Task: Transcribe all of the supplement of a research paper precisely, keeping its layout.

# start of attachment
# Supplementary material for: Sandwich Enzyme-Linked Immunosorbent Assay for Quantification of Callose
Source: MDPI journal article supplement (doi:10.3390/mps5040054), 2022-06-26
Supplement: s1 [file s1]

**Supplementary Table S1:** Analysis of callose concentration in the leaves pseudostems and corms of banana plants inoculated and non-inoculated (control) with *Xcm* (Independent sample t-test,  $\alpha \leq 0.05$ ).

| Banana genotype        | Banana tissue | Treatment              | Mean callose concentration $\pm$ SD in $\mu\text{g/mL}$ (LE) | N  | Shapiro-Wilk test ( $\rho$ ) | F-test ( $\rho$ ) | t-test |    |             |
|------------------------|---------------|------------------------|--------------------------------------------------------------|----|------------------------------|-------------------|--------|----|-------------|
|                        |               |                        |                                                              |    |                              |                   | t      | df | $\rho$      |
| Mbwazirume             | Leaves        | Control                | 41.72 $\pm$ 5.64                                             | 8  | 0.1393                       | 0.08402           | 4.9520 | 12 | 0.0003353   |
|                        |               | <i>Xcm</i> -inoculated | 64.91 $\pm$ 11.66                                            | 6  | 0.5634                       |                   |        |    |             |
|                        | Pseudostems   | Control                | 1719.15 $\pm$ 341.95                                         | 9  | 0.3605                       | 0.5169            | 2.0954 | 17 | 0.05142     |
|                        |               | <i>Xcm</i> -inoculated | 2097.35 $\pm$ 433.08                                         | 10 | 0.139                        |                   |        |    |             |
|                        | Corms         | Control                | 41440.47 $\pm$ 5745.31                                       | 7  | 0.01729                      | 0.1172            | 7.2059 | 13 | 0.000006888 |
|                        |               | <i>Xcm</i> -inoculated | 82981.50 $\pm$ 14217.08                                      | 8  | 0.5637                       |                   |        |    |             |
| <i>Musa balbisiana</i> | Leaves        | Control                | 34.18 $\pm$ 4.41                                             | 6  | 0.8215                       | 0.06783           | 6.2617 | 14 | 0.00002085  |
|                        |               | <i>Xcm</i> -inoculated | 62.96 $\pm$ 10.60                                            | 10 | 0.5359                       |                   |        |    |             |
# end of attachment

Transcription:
# Supplementary material for: Sandwich Enzyme-Linked Immunosorbent Assay for Quantification of Callose
Source: MDPI journal article supplement (doi:10.3390/mps5040054), 2022-06-26
Supplement: s1 [file s1]

**Supplementary Table S1:** Analysis of callose concentration in the leaves pseudostems and corms of banana plants inoculated and non-inoculated (control) with *Xcm* (Independent sample t-test,  $\alpha \leq 0.05$ ).

| Banana genotype        | Banana tissue | Treatment              | Mean callose concentration $\pm$ SD in $\mu\text{g/mL}$ (LE) | N  | Shapiro-Wilk test ( $\rho$ ) | F-test ( $\rho$ ) | t-test |    |             |
|------------------------|---------------|------------------------|--------------------------------------------------------------|----|------------------------------|-------------------|--------|----|-------------|
|                        |               |                        |                                                              |    |                              |                   | t      | df | $\rho$      |
| Mbwazirume             | Leaves        | Control                | 41.72 $\pm$ 5.64                                             | 8  | 0.1393                       | 0.08402           | 4.9520 | 12 | 0.0003353   |
|                        |               | <i>Xcm</i> -inoculated | 64.91 $\pm$ 11.66                                            | 6  | 0.5634                       |                   |        |    |             |
|                        | Pseudostems   | Control                | 1719.15 $\pm$ 341.95                                         | 9  | 0.3605                       | 0.5169            | 2.0954 | 17 | 0.05142     |
|                        |               | <i>Xcm</i> -inoculated | 2097.35 $\pm$ 433.08                                         | 10 | 0.139                        |                   |        |    |             |
|                        | Corms         | Control                | 41440.47 $\pm$ 5745.31                                       | 7  | 0.01729                      | 0.1172            | 7.2059 | 13 | 0.000006888 |
|                        |               | <i>Xcm</i> -inoculated | 82981.50 $\pm$ 14217.08                                      | 8  | 0.5637                       |                   |        |    |             |
| <i>Musa balbisiana</i> | Leaves        | Control                | 34.18 $\pm$ 4.41                                             | 6  | 0.8215                       | 0.06783           | 6.2617 | 14 | 0.00002085  |
|                        |               | <i>Xcm</i> -inoculated | 62.96 $\pm$ 10.60                                            | 10 | 0.5359                       |                   |        |    |             |